Dr James Evans (Barrett’s Oesophagus)
2014 Derek Butler Fellow
Institution: Queen Mary University of London
Title: Investigating the clonal origins and dysplasia risk in Barrett’s oesophagus
Project Start Date: 6 October 2014
Completion Date: 5 October 2017
There has been a large increase in the number of patients with cancer of the gullet in the UK over the last few decades. The major risk factor is a precancerous disease called Barrett’s oesophagus which is characterised by a microscopic change in the lining of the gullet from a normal simple cell layer to one that is thought to resemble the more complex organisation of the intestine. Barrett’s is common and cancer risk is low, but the large number of patients means cancer is a significant concern and as such patients are routinely examined. This is expensive and is not making a significant impact on the number of overall gullet cancer cases. We therefore need to understand how Barrett’s lesions form and evaluate when they are most likely to develop cancer.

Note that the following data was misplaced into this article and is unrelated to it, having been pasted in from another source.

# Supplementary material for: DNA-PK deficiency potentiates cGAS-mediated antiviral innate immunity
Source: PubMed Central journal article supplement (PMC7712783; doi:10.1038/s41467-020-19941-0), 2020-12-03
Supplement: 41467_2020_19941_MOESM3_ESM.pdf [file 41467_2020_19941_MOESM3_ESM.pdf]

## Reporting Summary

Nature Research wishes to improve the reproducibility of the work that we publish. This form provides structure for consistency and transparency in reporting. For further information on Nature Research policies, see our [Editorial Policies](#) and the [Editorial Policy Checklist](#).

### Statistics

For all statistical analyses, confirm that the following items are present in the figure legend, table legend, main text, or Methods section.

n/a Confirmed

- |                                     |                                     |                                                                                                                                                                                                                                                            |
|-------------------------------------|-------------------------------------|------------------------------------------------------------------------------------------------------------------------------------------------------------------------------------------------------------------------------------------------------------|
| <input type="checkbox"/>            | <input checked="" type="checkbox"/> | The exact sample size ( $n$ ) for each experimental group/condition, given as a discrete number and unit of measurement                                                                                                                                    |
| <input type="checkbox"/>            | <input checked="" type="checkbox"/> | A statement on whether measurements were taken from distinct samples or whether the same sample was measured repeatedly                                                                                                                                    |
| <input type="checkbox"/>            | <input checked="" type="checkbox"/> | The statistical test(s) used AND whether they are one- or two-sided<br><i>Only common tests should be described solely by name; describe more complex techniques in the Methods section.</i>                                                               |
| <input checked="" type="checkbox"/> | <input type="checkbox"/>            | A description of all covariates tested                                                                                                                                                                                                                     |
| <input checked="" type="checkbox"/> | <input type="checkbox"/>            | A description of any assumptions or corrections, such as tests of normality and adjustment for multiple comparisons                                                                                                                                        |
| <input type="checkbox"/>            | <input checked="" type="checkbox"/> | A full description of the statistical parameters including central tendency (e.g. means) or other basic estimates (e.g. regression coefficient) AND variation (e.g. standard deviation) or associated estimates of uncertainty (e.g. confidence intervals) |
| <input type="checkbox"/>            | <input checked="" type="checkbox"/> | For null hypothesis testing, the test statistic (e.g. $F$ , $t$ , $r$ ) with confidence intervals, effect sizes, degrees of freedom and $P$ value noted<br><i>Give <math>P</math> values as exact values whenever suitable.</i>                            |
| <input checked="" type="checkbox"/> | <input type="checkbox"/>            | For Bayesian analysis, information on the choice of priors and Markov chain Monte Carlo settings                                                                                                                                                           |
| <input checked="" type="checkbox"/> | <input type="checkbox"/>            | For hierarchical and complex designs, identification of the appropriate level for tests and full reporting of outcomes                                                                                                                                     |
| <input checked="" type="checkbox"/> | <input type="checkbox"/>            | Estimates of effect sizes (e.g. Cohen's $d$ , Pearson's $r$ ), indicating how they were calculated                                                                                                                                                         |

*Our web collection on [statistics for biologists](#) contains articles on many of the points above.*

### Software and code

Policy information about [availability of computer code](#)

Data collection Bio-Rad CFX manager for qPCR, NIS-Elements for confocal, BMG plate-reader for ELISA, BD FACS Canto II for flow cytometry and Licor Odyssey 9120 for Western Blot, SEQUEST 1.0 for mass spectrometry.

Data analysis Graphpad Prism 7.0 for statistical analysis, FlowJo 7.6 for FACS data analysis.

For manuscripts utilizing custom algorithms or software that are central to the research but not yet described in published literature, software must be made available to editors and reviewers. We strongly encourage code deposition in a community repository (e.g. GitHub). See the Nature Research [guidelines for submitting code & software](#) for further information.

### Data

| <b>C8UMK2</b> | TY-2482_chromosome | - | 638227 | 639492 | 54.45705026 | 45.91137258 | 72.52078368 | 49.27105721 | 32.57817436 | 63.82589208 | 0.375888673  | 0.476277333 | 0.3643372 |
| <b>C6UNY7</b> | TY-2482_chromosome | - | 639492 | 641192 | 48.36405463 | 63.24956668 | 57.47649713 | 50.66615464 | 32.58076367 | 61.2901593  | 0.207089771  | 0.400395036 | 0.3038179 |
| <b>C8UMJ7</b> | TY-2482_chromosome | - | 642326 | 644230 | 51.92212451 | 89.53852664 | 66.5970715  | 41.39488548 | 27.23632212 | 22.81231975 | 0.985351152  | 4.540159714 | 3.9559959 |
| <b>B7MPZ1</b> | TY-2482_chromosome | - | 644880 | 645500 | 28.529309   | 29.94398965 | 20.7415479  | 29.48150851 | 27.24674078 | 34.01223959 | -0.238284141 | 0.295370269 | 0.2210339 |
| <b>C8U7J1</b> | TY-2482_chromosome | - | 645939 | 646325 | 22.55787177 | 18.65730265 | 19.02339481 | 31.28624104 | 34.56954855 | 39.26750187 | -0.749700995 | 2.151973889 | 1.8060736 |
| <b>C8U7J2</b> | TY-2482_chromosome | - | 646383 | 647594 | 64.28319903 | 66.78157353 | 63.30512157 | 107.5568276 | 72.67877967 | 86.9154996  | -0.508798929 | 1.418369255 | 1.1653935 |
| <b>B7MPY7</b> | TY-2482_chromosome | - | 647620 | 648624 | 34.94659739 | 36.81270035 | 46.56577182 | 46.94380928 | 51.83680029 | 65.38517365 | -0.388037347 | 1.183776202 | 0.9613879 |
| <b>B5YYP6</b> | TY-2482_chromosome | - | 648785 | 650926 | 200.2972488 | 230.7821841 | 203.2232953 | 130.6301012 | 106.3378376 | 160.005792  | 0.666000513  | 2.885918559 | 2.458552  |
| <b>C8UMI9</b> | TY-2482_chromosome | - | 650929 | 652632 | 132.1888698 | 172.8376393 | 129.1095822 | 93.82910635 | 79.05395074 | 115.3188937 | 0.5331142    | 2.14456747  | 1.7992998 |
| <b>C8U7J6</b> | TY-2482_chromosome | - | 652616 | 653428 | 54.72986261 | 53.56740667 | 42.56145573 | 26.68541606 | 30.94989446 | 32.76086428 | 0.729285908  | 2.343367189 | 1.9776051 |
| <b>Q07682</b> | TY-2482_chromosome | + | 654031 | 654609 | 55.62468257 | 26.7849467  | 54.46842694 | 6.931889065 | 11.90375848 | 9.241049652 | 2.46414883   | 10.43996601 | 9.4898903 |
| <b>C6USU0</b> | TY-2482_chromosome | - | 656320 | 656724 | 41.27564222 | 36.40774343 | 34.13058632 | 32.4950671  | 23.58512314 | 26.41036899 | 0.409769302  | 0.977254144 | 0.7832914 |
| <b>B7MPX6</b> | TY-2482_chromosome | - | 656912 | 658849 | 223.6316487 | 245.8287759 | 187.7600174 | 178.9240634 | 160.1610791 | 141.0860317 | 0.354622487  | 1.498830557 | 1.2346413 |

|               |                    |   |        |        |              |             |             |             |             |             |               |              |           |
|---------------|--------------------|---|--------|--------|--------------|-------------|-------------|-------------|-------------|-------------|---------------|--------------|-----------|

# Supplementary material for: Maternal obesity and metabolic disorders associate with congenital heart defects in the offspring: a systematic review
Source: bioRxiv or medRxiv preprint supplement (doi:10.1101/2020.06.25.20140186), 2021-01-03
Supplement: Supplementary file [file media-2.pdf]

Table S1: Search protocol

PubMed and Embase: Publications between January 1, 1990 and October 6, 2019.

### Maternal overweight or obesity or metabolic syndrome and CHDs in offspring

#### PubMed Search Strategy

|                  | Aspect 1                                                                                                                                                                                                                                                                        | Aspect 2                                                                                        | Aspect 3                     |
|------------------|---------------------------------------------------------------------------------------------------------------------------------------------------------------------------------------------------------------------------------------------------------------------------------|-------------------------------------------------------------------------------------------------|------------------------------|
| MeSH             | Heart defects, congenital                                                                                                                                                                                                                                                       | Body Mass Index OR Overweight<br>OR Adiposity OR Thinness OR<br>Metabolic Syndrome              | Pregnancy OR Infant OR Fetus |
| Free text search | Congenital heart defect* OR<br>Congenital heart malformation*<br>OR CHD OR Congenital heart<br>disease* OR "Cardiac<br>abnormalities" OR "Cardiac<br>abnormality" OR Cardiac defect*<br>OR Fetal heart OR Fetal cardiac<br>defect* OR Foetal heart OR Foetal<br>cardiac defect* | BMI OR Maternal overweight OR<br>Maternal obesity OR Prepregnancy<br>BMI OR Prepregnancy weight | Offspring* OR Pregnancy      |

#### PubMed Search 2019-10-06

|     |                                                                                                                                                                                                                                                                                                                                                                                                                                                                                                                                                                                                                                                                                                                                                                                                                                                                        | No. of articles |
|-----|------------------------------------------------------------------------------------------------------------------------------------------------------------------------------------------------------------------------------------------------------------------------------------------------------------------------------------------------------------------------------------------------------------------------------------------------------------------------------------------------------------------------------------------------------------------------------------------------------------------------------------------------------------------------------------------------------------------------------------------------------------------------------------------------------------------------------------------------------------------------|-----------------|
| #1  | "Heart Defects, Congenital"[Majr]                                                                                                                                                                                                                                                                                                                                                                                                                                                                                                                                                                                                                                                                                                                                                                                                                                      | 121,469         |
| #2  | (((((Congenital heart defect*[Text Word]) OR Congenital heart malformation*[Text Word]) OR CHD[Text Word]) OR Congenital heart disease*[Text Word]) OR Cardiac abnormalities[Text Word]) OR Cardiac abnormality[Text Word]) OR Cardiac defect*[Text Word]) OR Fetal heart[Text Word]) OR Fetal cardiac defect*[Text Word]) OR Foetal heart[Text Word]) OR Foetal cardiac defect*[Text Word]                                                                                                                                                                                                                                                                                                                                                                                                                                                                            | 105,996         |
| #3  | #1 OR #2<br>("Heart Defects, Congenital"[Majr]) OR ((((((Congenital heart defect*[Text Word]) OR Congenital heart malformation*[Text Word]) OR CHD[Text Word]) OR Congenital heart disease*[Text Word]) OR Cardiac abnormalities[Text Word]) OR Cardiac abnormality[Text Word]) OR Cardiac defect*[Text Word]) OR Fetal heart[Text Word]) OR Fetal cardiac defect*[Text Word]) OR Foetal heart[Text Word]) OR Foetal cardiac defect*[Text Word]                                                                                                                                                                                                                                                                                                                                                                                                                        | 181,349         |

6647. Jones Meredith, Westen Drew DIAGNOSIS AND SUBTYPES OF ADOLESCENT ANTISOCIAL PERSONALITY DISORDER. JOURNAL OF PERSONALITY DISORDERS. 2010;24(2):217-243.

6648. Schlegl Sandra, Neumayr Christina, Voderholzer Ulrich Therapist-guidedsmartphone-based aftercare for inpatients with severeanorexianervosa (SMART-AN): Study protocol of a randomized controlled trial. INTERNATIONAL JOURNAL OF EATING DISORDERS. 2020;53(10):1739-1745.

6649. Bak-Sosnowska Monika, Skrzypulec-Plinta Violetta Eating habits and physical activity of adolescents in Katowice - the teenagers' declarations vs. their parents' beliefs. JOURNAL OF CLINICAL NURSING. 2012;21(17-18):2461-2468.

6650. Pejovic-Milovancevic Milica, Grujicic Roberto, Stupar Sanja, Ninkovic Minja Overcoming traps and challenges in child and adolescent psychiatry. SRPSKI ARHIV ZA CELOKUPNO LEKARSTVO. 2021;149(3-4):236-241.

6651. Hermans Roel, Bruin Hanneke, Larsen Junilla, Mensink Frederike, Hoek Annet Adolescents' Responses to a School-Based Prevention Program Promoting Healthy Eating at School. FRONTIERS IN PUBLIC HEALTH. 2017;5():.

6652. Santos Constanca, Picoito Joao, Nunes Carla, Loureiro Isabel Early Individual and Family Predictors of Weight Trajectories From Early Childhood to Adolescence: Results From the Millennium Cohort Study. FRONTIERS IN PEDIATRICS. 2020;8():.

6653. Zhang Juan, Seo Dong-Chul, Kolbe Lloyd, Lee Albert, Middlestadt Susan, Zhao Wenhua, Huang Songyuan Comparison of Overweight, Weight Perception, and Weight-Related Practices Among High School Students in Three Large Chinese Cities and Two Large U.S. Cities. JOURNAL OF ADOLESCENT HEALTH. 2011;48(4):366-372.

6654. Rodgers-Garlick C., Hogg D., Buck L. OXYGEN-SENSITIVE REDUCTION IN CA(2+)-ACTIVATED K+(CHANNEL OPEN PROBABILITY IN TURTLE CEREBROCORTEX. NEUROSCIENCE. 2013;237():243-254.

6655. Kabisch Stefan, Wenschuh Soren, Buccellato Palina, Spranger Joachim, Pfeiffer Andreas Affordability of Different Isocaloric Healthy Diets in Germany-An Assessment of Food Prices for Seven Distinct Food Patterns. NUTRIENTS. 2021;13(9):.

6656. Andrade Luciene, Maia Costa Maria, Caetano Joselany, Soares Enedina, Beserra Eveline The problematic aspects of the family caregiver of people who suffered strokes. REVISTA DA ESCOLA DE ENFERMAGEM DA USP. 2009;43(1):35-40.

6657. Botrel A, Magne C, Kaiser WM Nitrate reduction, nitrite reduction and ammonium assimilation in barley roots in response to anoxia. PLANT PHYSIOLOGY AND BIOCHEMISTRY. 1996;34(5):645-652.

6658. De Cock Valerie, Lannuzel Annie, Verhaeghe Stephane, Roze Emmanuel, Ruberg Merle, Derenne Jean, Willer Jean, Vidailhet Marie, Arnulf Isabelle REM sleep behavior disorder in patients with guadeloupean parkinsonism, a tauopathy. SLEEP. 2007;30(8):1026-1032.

We believe that Barrett’s does not in fact resemble the intestine but rather the stomach. Evidence from our laboratory demonstrates this and we hypothesise that Barrett’s originates from the stomach. Work comparing stem cells and the cells they produce in Barrett’s with those of the stomach will reveal their relationship. We will use novel technologies to read the DNA (the blue print of the cell) from mitochondria (the cell’s battery). Mutations in this DNA are common and we can trace which cells possess which mutation. This permits us to work back in time and detect the origins of each cell.
Furthermore, there are no validated means to predict the changes that lead to advanced precancerous Barrett’s. We propose that mutations acquired in mitochondria build up over time, and may reflect cancer risk and will follow patients over time to test this hypothesis and provide a better means to assess cancer risk and potentially decrease cumbersome endoscopic investigations.
I have set up specific collaborations with 3 pathologists;
Dr Marnix Jansen, Academic Medical Centre, Amsterdam. Dr Jansen is a pathologist who specialises in early cancer development. He is willing to provide frozen biopsies from patients who are routinely endoscoped with Barrett’s.